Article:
Sage is a free open source symbolic and numerical mathematics software which is programmed in Python. Like Python which comes with batteries included, Sage comes with “matheries” included and is bundled with a host of math and visualization packages - jmol - java 3d molecule viewer, R and much more which can be invoked by importing.
The goal for Sage is to be a viable alternative to Mathematica , Maple and Matlab and it also has support for interaction and animation.
As you can see below you can mix latex and computation in many ways.
The co-creators also point to the need to enable transparency in mathematical research, that you can inspect the PDE solver or factorization into primes. This is completely opaque in Mathematica. There is also support for getting web data see example 2 and 3 which fetches data from NOAA and does an regression analysis on the time interval you choose. The second example fetches arctic ice data and plot for the month you choose. Sage also has a lot of very fast time series support and
The Azimuth project has some pages where Sage/Python/R code has been tested experimentally:
There are also some tutorials on subject matters relevant for Azimuth:
The easiest way is to create an account/pwd on the Sage Notebook cloud server and read the Quickstart and Sage tutorial in the references. Any worksheet you experiment with is private and not visible until you decide to publish it by pressing “publish” that particular notebook. Now there is a set of mirror servers so running Sage over the net is effortless now and will of course get just better with each new mirror.
If you know R and wants to see how that works there is a recent tutorial which was presented on the lates UseR conference 2010.
This can be done on your own machine or by setting up a Sage server for several client notebooks. For the Azimuth project it is probably best to aim for the latter. Starting from Sagte 6.0 i think its feasible to use the
If you attempt to install Sage on a Windows machine, be sure to follow the instructions for VMware and not VirtualBox. Apparently, VirtualBox is not supported anymore. Once you know this, it is quite easy to get Sage up and running. Simply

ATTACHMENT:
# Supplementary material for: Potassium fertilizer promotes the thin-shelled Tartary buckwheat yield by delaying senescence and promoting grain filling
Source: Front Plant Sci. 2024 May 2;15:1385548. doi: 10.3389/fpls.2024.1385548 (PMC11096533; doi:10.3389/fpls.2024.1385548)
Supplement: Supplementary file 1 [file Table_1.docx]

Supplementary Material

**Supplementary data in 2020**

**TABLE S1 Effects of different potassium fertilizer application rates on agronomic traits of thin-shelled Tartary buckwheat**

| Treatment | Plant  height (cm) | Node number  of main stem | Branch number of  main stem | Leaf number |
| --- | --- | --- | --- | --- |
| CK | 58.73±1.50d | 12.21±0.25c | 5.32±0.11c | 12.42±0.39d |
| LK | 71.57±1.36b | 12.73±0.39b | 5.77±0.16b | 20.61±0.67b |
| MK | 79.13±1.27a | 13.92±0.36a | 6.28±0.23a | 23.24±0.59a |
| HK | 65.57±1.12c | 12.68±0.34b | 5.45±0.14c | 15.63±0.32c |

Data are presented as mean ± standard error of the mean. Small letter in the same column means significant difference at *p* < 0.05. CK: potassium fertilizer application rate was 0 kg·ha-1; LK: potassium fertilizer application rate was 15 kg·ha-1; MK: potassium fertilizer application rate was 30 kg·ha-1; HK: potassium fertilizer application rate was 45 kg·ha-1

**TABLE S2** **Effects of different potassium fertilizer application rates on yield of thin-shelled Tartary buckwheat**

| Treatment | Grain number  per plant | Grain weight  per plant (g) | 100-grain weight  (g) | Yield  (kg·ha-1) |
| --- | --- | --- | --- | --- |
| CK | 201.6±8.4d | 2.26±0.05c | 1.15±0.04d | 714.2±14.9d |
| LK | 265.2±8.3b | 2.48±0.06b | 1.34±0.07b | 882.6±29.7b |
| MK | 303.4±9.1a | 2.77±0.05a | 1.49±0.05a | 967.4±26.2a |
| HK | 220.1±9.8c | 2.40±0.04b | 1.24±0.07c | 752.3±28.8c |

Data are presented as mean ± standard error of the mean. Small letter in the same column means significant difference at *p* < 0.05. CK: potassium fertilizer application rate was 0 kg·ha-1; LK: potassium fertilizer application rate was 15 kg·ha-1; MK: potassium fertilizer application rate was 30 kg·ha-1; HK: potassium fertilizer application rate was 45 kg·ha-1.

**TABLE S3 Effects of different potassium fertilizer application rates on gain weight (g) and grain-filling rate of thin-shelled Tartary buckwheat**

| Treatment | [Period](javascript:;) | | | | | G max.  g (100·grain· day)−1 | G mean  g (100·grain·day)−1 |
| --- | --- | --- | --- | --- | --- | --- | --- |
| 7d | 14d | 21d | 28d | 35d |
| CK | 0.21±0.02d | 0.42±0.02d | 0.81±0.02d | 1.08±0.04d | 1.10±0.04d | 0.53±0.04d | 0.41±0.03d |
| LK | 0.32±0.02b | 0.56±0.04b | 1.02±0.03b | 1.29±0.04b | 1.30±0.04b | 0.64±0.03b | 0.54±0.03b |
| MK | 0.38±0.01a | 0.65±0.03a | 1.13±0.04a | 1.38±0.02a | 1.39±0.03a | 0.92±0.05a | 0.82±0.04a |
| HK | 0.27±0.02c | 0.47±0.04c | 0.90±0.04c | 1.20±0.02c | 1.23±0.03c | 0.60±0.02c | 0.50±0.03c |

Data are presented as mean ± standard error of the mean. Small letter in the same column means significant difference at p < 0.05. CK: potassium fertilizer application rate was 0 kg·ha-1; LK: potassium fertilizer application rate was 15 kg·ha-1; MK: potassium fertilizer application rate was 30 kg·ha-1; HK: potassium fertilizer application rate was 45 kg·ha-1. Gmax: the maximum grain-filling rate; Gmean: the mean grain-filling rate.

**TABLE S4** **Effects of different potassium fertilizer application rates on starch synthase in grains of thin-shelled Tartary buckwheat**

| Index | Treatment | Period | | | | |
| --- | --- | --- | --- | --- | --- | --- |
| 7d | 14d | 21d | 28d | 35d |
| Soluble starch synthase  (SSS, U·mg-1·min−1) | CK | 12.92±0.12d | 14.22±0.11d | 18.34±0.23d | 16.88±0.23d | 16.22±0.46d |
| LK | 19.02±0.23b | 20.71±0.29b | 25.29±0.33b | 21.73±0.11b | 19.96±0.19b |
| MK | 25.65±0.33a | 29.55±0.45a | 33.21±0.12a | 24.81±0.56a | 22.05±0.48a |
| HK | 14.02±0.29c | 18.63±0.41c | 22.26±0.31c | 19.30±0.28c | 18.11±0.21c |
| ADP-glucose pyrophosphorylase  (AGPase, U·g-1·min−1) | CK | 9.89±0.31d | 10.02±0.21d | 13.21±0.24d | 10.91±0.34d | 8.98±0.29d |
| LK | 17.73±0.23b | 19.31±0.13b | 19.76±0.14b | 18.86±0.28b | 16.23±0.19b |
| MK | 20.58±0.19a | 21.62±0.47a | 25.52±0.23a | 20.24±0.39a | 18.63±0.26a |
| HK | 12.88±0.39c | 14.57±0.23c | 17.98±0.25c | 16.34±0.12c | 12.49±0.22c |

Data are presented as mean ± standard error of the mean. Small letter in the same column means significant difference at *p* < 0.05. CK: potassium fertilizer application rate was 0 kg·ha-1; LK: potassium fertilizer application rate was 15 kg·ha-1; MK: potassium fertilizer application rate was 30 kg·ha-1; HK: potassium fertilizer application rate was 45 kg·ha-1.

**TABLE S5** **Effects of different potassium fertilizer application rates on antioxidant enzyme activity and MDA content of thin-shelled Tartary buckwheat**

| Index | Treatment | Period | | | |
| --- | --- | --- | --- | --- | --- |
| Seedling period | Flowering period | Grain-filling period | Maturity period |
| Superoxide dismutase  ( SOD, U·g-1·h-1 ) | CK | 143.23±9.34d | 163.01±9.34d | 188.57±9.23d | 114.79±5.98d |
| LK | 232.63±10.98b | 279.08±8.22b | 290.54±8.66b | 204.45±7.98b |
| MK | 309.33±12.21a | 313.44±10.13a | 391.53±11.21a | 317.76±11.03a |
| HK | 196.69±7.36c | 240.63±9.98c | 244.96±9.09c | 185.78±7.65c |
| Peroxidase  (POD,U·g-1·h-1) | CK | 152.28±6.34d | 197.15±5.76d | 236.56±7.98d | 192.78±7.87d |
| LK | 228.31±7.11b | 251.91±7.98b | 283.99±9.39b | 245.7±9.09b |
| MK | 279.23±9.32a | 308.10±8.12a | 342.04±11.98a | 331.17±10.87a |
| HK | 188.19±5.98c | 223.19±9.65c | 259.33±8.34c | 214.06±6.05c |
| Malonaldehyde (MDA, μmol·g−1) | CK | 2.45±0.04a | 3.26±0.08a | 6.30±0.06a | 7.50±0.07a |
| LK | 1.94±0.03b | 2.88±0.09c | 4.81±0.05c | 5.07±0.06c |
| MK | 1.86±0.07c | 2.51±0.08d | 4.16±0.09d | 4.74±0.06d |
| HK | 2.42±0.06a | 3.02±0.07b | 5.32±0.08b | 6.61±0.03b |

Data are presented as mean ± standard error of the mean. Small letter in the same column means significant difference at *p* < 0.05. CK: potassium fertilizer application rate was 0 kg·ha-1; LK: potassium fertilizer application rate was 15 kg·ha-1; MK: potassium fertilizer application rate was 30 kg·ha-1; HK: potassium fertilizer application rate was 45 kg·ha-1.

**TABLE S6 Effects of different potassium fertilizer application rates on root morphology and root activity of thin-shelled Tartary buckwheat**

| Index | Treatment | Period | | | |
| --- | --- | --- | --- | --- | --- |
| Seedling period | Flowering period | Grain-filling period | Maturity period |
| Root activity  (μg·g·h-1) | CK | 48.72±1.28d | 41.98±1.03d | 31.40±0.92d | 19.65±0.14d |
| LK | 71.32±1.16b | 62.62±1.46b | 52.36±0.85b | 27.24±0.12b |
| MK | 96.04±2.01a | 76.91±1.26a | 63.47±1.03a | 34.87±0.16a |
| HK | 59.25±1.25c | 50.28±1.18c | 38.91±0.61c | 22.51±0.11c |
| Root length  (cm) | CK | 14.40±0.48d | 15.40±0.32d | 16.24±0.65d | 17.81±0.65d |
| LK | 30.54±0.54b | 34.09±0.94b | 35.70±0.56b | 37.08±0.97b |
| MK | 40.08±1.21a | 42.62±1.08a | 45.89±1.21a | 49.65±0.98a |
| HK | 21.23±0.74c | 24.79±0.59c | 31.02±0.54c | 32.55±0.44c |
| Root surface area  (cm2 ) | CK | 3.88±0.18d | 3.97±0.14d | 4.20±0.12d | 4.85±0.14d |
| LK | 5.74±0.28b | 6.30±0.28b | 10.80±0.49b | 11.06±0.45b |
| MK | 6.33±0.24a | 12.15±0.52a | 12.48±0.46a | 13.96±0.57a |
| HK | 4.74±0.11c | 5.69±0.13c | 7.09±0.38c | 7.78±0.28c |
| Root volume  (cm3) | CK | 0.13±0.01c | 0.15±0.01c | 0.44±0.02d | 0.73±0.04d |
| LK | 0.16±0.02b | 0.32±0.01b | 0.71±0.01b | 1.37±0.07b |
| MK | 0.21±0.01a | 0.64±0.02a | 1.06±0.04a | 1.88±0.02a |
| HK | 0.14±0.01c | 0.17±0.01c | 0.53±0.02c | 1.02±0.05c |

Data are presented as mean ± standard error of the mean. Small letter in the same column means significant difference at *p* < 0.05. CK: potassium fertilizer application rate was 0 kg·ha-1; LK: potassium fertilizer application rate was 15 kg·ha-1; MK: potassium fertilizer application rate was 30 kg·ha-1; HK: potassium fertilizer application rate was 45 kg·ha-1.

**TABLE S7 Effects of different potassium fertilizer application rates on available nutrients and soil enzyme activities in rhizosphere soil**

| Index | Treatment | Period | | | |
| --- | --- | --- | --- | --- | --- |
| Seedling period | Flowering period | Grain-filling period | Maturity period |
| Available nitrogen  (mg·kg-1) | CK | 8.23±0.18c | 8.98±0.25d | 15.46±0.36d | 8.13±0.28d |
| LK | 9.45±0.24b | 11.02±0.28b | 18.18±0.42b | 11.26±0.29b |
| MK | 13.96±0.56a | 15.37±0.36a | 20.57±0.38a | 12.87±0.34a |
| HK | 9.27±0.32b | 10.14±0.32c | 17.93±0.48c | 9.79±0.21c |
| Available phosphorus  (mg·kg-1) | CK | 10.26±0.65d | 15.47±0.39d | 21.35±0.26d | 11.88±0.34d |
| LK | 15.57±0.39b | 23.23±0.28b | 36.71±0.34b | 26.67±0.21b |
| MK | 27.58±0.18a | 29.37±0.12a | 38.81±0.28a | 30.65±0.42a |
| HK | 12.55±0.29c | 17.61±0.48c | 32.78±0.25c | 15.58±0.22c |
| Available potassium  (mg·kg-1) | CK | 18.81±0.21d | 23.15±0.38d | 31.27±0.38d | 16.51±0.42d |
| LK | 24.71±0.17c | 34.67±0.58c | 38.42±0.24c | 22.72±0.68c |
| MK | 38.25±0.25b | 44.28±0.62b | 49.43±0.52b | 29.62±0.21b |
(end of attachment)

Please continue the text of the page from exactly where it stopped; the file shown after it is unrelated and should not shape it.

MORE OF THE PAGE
Quickstart on how to interact shows how to get help on all type of mathematical objects and also how to see which operations they support. Which eases the learning procees of Sage
A few Sage quick references
Sage tutorial is the best way to get started with SAGE
Videos on both Python and Sage (http://www.sagemath.org/help-video.html)
Automating Conversion of LateX to Sage by Robert Beezer
AskSage similar to Mathoverflow and Physicsoverflow. Based on Askbot and as addictive as them.
Follow the development at SAGE days
Sage for power users. Running on the new flask-based server which has Open Id login, so you can login with google or Yahoo or any OpenID provider. The book that William is writing is there as well and the latest version is available in PDF on Google code.
Cython a language that makes writing C, C++ and Fortran extensions for the Python language as easy as Python itself. Cython is based on the well-known Pyrex, but supports more cutting edge functionality and optimizations.
Multiprocessing with Sage can be done with the optional MPI4Py package, see the following page and an example of running Laplace transforms in parallel. One other alternative is to use parallel Ipython.
Software Development for Sage
The latest Sage source code.
SymPy is a Python library for symbolic mathematics. It aims to become a full-featured computer algebra system (CAS) while keeping the code as simple as possible in order to be comprehensible and easily extensible. SymPy is written entirely in Python and does not require any external libraries. It is intended to be fully integrable with Sage and Numpy. Now you can use Numpy in many Sage functions eg integral() for solving integrals symbolically.